Last week’s column focused on the Labour party’s decision to take a step backwards on an earlier suggestion that all private tenants should be given the “right to buy” their homes at a price set by a government quango.
Instead the “right” will be limited to those whose landlords have two or more properties – as if this so-called concession was of any real value, which of course it is not.
But I have no doubt the motivation that fed the policy suggestion in the first place still persists – i.e. that landlords are, with a few noble exceptions, a dodgy lot who are forever out to take advantage of their “hard-working” tenants.
I was encouraged, therefore, to see a recent survey whose results have produced a sensible balance. In it, the National Landlords Association found that Brexit, climate change and the environment, and education headed the issues for the UK’s private tenants as they prepare to cast their vote in next month’s general election. Housing (which presumably includes tenancy issues) was ranked fourth, followed by immigration, the NHS, police and crime, tax, transport and the welfare system.
When asked how confident they felt about their current landlord or managing agent’s professionalism, nearly a quarter of tenants answered “very confident”, with 69 per cent marking them seven or above, on a scale of one to ten. More than 80 per cent of tenants said they had a positive view of their current landlord with 68 per cent having never “never had cause to complain”.
The NLA sees a connection between these responses and the fact that landlords have resisted the temptation to raise rents over the past year: nearly three-quarters of tenants reported that their rents had “stayed the same” while some even revealed that their rent had actually fallen over the past 12 months.
Richard Lambert, chief executive of the NLA, opines that the survey results reveal that “the majority of tenants are perfectly happy with their rental property and perfectly happy with their landlord".
Now, I can almost hear the cynics among you mumbling, “well, he would say that, wouldn’t he”? And, yes, the NLA does not reveal how big a sample of its 41,000 members took part in the survey. So the actual statistics might be treated with some caution. Nevertheless, the results pretty much bear out the everyday working experience of property management professionals.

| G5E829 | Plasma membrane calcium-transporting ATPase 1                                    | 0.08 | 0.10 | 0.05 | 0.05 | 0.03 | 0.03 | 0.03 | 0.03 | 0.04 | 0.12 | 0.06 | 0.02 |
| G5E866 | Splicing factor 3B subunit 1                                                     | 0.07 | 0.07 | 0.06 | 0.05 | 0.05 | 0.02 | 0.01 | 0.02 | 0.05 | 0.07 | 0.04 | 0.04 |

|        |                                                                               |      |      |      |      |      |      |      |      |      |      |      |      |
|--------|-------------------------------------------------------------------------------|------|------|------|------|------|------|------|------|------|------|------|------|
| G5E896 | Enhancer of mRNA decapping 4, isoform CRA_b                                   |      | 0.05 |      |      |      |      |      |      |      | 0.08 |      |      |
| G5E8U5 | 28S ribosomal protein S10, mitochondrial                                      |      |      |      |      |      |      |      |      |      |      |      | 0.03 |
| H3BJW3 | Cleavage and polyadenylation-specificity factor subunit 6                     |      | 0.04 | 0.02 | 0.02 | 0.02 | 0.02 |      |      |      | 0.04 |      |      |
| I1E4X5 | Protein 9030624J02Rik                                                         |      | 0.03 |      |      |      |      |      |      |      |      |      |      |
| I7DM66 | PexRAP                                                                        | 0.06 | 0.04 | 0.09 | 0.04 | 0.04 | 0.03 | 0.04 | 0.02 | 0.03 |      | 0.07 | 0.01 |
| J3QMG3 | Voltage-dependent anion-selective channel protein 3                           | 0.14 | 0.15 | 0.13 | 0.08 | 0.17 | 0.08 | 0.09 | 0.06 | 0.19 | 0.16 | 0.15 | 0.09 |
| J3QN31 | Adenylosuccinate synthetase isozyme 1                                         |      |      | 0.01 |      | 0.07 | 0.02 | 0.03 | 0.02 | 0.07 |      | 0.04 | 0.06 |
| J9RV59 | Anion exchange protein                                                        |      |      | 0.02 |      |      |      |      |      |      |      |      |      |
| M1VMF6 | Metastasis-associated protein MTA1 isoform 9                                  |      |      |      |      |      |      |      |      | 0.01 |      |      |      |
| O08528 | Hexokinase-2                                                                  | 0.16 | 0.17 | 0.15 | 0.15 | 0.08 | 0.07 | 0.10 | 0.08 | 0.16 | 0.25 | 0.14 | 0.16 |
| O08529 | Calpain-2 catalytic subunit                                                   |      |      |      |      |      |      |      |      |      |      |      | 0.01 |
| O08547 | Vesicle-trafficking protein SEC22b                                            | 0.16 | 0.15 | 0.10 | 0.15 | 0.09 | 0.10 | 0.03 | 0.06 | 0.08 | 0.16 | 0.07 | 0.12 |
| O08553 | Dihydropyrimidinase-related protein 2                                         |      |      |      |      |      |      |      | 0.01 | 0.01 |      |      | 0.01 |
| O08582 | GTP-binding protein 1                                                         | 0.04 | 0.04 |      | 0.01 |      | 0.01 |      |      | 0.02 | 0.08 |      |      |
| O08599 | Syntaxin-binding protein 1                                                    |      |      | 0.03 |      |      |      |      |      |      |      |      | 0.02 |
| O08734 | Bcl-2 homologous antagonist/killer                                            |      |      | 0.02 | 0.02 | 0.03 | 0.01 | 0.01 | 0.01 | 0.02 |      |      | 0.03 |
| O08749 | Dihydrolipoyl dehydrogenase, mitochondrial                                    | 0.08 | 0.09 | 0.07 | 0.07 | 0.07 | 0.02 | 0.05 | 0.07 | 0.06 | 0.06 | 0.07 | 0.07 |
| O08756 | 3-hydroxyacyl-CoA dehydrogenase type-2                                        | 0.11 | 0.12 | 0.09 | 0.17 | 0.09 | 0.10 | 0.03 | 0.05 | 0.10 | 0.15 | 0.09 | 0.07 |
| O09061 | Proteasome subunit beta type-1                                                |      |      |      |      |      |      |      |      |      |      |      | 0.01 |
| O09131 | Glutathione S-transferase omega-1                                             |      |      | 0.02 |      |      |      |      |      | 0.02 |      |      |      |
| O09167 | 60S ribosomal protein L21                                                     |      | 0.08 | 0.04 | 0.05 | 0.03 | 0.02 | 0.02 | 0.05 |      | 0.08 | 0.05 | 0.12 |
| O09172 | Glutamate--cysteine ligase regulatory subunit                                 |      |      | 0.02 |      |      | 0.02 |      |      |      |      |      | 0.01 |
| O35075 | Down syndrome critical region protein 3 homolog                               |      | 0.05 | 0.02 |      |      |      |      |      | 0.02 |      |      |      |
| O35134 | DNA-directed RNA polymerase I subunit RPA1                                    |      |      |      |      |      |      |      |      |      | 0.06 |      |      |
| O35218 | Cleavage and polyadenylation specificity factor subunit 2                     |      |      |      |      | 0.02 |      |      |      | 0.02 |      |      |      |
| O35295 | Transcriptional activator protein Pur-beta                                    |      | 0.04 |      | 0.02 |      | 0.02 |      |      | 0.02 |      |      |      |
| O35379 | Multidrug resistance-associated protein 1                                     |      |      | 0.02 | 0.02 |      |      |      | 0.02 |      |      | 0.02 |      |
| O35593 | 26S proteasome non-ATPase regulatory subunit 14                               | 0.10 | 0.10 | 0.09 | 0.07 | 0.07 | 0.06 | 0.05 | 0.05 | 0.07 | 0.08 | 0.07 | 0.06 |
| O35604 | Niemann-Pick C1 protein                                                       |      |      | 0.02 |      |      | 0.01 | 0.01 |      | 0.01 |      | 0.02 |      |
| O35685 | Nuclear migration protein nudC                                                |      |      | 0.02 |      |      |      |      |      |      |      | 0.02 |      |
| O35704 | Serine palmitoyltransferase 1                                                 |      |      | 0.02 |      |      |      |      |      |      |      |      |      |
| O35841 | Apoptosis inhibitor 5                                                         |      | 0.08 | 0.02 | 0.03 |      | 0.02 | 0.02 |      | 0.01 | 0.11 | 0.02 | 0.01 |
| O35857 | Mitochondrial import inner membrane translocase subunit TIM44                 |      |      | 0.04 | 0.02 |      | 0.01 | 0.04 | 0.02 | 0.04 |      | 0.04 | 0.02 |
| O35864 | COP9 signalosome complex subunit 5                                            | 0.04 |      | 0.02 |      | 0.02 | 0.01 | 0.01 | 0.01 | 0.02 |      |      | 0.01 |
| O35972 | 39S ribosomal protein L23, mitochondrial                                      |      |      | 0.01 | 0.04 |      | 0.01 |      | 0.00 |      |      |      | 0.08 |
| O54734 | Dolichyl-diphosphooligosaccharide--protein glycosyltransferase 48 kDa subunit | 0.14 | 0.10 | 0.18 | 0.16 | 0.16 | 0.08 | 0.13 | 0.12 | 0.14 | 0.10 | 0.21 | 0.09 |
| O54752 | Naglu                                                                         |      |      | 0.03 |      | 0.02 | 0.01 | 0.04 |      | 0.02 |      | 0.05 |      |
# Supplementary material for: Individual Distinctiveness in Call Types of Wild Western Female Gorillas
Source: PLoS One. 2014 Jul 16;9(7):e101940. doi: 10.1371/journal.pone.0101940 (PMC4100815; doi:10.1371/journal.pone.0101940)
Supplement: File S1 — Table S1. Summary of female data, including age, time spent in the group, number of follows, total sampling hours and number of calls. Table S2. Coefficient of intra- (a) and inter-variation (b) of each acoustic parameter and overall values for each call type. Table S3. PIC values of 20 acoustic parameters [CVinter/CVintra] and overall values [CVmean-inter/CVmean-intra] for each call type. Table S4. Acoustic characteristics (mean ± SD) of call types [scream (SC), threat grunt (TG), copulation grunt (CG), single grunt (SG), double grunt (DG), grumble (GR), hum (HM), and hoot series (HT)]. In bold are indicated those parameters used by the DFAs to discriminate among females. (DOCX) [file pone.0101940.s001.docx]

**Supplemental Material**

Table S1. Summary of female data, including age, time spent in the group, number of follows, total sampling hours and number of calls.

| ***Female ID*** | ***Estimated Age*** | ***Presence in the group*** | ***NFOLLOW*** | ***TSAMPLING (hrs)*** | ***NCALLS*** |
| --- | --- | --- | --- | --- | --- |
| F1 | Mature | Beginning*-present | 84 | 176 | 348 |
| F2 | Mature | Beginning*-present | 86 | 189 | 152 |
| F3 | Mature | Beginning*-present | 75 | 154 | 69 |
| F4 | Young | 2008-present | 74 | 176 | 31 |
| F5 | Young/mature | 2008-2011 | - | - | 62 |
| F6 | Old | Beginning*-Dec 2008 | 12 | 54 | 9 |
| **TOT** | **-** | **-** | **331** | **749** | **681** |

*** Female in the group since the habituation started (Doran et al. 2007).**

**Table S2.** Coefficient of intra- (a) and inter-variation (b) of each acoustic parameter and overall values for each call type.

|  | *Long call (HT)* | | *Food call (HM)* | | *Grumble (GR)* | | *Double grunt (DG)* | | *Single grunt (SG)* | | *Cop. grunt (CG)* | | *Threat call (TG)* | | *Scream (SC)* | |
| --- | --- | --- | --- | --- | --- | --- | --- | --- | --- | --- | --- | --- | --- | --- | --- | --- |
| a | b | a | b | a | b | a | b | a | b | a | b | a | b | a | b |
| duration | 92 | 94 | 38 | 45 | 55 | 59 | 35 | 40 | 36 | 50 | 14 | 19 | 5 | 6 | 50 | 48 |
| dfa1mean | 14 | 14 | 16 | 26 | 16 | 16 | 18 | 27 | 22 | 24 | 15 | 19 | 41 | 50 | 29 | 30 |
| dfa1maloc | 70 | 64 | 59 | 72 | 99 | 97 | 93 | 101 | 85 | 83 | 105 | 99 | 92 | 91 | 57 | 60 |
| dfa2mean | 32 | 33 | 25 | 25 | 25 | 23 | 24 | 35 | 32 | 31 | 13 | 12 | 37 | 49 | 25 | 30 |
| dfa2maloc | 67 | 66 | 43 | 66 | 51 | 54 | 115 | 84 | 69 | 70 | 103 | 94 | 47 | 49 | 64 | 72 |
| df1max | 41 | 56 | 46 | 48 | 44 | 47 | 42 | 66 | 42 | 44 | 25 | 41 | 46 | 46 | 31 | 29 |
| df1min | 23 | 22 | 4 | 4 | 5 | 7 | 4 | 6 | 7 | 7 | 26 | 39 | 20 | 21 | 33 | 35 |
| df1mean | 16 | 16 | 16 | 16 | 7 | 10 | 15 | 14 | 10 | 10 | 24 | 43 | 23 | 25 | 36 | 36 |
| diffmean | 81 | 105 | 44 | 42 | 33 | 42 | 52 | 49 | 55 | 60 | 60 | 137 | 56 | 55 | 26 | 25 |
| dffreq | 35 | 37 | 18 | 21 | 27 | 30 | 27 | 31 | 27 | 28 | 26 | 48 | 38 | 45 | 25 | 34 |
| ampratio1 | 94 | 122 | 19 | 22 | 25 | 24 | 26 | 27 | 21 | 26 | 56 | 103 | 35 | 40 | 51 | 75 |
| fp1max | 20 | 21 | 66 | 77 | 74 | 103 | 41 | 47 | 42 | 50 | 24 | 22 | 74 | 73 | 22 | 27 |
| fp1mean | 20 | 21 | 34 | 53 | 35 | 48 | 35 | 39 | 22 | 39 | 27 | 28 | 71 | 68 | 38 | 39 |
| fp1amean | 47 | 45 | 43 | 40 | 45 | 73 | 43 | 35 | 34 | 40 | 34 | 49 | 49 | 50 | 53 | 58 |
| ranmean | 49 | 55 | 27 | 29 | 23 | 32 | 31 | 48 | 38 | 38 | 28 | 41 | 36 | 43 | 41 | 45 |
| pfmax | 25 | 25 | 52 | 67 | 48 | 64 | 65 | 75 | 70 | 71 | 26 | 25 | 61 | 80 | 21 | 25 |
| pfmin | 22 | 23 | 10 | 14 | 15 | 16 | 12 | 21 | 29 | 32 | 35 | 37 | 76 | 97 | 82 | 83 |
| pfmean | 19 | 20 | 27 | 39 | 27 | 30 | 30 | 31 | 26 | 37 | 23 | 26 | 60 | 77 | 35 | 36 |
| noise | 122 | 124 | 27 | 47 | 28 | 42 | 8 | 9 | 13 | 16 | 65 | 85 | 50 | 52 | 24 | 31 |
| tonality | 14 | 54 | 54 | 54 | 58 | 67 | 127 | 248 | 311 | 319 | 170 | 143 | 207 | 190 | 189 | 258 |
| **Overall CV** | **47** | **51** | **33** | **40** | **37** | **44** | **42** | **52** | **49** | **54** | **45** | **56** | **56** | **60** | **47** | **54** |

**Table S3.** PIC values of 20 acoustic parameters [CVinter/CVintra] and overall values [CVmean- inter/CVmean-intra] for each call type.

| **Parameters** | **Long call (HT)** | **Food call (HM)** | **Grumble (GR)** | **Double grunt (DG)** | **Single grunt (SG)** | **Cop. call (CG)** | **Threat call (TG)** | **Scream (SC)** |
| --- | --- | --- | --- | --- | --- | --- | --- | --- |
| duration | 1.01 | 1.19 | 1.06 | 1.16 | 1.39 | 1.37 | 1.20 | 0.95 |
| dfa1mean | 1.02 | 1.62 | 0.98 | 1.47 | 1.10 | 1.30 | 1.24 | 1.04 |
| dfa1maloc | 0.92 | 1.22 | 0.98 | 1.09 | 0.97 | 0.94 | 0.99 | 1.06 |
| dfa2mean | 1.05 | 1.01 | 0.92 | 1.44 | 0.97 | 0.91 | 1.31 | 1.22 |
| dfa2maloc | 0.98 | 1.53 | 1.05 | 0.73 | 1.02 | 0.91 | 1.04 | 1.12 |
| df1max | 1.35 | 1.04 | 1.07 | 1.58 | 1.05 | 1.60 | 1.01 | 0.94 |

On the whole, landlords and tenants DO have a fairly good relationship and disputes between them make up a very small percentage in relation to the number of properties let. Indeed landlords will go out of their way to keep a good tenant in situ – why should they not because if for no other reason it makes good business sense?
The astute landlord will look at the bigger picture rather than just how much monthly rental a property can produce. For example, one of the most sought-after tenants is the professional person with a secure, well-paid job who lives in the property on their own for four or five nights a week and returns to family at weekends.
This provides rental security, internal wear and tear is kept to a minimum and there is – generally – no disturbance to neighbours. To retain this type of tenant, landlords will be prepared to keep any rental increases to a minimum or perhaps even zero – which is why I do not doubt the veracity of the NLA’s claim about static or even falling rents.
Yes, there are exploitative landlords out there, however any reputable managing agent will soon give such a person short shrift. This clearly means that a proportion of tenant complaints are genuine. Nevertheless some tenants do make complaints for what are frankly “nit-picking” reasons.
True, there is no doubt room for improvement in landlord-tenant relationships but I tend to agree with the basic tenor of the NLA survey that the situation is almost the opposite of what some vote-hungry politicians try to make out.
- David Alexander is managing director of DJ Alexander